8 Prebiotic Foods You Should Probably Add To Your Diet

Okay, okay I get it. Jamie Lee Curtis was right—probiotics (you know, those live bacteria in foods like yogurt and sauerkraut that can boost your gut health) are good for me.

But those Activia commercials were missing one key fact about probiotics: Their ability to boost your good gut bacteria is only temporary. Basically, they pass out of your system as soon as you, ahem, digest your food.

“People think probiotics change their gut bacteria, but they don’t,” says registered dietician Karen Ansel. “They just modify it for a short period of time.”

That’s where prebiotics come in. Unlike probiotics, which give your gut a quick hit of good bacteria (kind of like a sugar rush), prebiotics act as long-term nourishment for your gut.

Luckily prebiotics, which come in many different varieties, are present in plenty of delish foods. “Each [prebiotic type] fosters a different type of bacteria, so the more types you eat, the more you cultivate well-rounded, healthy gut bacteria,” explains Ansel. Pair your prebiotics with probiotic foods or supplements to help both of them work better in your bod.

If you’re stumped, add this prebiotic food list to your cart the next time you go shopping.


Walnuts contain fibre and other prebiotic compounds that support the growth of healthy gut bacteria. “Eating walnuts helps you to grow more lactobacillus, which helps crowd out bad gut bacteria and helps good ones grow,” says Ansel. And a small 2018 study found that people who ate about a half a cup of walnuts every day for three weeks increased the number of butyrate-producing gut bacteria (a fatty acid that reduces inflammation for a healthier colon).

Per 28-gram serving (14 walnut halves): 774 kj, 19 g fat (2 g sat), 4 g carbs, 1 g sugar, 1 mg sodium, 2 g fibre, 4 g protein

READ MORE: Can You Really Use Probiotics To Fight Acne?

Dark Chocolate

“This one is always a big surprise,” says Ansel. Turns out, dark chocolate is an excellent source of polyphenols, prebiotic antioxidant compounds that help increase two types of gut bacteria (lactobacillus and bifidobacteria) that keep you regular.

Ansel suggests adding a scoop of pure cocoa powder and a splash of low-fat milk to your morning coffee for a DIY mocha. If you go for solid chocolate, most experts suggest choosing a plain dark bar with at least 70 percent cacao (to avoid excess sugar).

Per 28-gram serving of dark chocolate: 711 kj, 12 g fat (7 g sat), 13 g carbs, 7 g sugar, 6 mg sodium, 3 g fibre, 2 g protein


Onions are a great natural source of the prebiotic inulin, which helps your body produce colon-protecting butyrate and may also enhance heart health by lowering bad LDL cholesterol and triglycerides (fats in your blood). They also contain the phytonutrient quercetin, which Ansel says may help prevent cancer.

Per cup of chopped onions: 267 kj, 0.2 g fat (0.07 g sat), 15 g carbs, 7 g sugar, 2 mg sodium, 3 g fibre, 2 g protein

READ MORE: 3 Delicious Snacks That Are Great For Your Gut


Oats are a huge source of resistant starch—a prebiotic type of starch your body can’t break down. It travels intact to your large intestine, where bacteria feast on it and ferment it, producing compounds that have a laxative effect to keep your colon healthy and protected from cancer, explains Ansel. What’s more, resistant starch may even help lower your blood sugar and cholesterol.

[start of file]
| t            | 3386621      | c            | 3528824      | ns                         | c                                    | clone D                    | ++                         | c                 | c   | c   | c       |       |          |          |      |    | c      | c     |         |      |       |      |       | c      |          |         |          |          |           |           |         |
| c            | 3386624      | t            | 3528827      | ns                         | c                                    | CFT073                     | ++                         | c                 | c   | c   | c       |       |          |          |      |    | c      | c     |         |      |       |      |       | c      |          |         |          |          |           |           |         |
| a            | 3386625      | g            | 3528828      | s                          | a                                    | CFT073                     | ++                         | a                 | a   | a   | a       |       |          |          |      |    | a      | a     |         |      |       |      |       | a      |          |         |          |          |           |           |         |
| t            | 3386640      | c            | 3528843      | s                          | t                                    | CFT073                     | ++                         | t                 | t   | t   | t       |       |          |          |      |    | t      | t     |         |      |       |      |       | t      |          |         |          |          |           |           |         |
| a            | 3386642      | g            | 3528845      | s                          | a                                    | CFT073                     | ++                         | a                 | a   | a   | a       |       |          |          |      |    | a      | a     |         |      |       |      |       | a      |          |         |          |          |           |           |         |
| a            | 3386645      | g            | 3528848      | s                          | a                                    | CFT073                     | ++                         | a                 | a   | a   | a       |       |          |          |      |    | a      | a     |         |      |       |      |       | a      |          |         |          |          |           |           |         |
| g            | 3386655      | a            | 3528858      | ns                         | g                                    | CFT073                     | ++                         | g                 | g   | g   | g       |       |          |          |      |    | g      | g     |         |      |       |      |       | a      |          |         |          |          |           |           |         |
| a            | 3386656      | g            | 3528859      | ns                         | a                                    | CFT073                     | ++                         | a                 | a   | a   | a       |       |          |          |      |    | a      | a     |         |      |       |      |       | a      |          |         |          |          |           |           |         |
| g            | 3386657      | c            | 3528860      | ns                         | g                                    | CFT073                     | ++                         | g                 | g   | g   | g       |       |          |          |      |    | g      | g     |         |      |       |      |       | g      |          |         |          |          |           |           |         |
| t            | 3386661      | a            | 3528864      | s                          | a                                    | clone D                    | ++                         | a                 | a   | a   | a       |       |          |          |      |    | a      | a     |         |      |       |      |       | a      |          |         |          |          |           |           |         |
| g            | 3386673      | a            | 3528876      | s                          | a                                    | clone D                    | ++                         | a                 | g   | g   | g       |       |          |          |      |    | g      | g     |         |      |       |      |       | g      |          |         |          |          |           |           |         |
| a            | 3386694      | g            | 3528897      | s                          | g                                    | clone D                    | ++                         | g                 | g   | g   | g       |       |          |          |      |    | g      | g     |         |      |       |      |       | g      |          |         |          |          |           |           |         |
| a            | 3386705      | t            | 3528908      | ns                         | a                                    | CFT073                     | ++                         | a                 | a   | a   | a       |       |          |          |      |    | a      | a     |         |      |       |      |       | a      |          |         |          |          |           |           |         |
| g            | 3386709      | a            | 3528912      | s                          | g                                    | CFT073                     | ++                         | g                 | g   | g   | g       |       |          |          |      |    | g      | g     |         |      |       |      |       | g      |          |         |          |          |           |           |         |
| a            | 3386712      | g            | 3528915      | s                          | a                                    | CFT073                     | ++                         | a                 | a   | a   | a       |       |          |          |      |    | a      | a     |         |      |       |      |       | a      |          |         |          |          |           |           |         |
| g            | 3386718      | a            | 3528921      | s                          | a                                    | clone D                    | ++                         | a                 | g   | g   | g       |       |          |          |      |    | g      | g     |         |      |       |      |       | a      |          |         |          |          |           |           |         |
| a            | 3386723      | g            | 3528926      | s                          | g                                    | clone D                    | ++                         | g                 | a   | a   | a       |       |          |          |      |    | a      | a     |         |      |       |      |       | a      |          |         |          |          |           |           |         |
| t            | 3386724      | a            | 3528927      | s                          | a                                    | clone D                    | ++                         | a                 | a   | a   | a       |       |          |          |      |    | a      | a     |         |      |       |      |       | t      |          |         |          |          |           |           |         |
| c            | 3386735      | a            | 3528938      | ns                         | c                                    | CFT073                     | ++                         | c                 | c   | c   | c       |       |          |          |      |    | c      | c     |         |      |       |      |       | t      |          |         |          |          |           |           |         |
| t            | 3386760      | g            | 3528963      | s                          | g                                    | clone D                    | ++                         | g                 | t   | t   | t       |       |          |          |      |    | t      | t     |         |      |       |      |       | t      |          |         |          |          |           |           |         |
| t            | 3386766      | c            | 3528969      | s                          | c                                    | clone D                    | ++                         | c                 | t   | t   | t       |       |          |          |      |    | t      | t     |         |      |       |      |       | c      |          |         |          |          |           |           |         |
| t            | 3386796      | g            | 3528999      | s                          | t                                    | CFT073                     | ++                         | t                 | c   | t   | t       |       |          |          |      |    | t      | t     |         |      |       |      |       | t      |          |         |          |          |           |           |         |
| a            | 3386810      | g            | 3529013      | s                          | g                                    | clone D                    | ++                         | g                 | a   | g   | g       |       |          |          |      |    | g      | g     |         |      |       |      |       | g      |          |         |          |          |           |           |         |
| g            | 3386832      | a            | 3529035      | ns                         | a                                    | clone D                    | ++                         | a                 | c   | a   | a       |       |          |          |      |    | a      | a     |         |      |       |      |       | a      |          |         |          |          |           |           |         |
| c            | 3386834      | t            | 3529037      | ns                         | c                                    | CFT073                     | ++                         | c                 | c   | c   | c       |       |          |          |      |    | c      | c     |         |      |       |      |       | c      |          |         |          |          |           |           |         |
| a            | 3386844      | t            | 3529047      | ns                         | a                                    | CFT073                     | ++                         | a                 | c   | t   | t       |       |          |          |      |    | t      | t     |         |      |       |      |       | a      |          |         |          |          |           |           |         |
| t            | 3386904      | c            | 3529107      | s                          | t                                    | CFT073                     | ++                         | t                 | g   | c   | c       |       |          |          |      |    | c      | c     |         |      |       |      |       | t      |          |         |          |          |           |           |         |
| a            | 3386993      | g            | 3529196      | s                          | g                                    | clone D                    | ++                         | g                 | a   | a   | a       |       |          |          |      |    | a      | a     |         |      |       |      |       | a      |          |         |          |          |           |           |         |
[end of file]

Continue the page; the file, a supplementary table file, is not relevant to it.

Per half-cup of dry oats: 640 kj, 3 g fat (0.5 g sat), 27 g carbs, 0.4 g sugar, 2 mg sodium, 4 g fibre, 5 g protein

Red Lentils

Red lentils serve up a double-whammy of resistant starch and soluble fibre to help sweep cholesterol from your body. Bonus: They cook faster than any other type of lentils, taking just 15 minutes. For a quick meal, mix cooked lentils with curry powder and top with a generous serving of nonfat plain Greek yogurt.

Per half-cup of cooked lentils: 481 kj, 0.4 g fat (0 g sat), 20 g carbs, 2 g sugar, 2 mg sodium, 8 g fibre, 9 g protein

READ MORE: The 4 Best Supplements For Your Gut Issues — And Those To Totally Avoid


In addition to having resistant starch, corn also contains zeaxanthin and lutein—phytonutrients that keep eyes healthy and protect against macular degeneration. Ansel likes cooking corn whole on the cob and slicing off to add to risotto for a light but filling dish. To get an extra resistant starch bump, cool corn and add to black bean salad with tomatoes and a lime vinaigrette.

Per large ear of corn: 514 kj, 2 g fat (0.5 g sat), 27 g carbs, 9 g sugar, 18 mg sodium, 3 g fibre, 5 g protein


Another great source of the colon-protecting prebiotic inulin, leeks have also been shown to potentially help prevent breast, stomach, and gastric cancer, says Ansel—plus one cup cooked has just 133 kilojoules. Don’t have a clue how to cook them? Keep it simple: Poach leeks with thyme and serve with balsamic vinaigrette as an alternative to a leafy green salad.

Per leek (raw): 225 kj, 0.3 g fat (0 g sat), 13 g carbs, 3 g sugar, 18 mg sodium, 2 g fibre, 1 g protein


Apples are rich in the prebiotic pectin, which Ansel says improves an overall healthy gut by supporting a diversity of healthy bacteria. Apples can also help keep you slim by filling you up thanks to their high fibre and water counts; one often-cited study found that women who ate three apples a day lost 1.1 kilos in 12 weeks without changing anything else about their diets.

Per large apple: 485 kj, 0.4 g fat (0 g sat), 31 g carbs, 23 g sugar, 2 mg sodium, 5 g fibre, 0.6 g protein

This article was originally published on www.womenshealthmag.com

READ MORE ON: Healthy Eating Tips Nutrition Nutrition Advice

The post 8 Prebiotic Foods You Should Probably Add To Your Diet first appeared at Women's Health.

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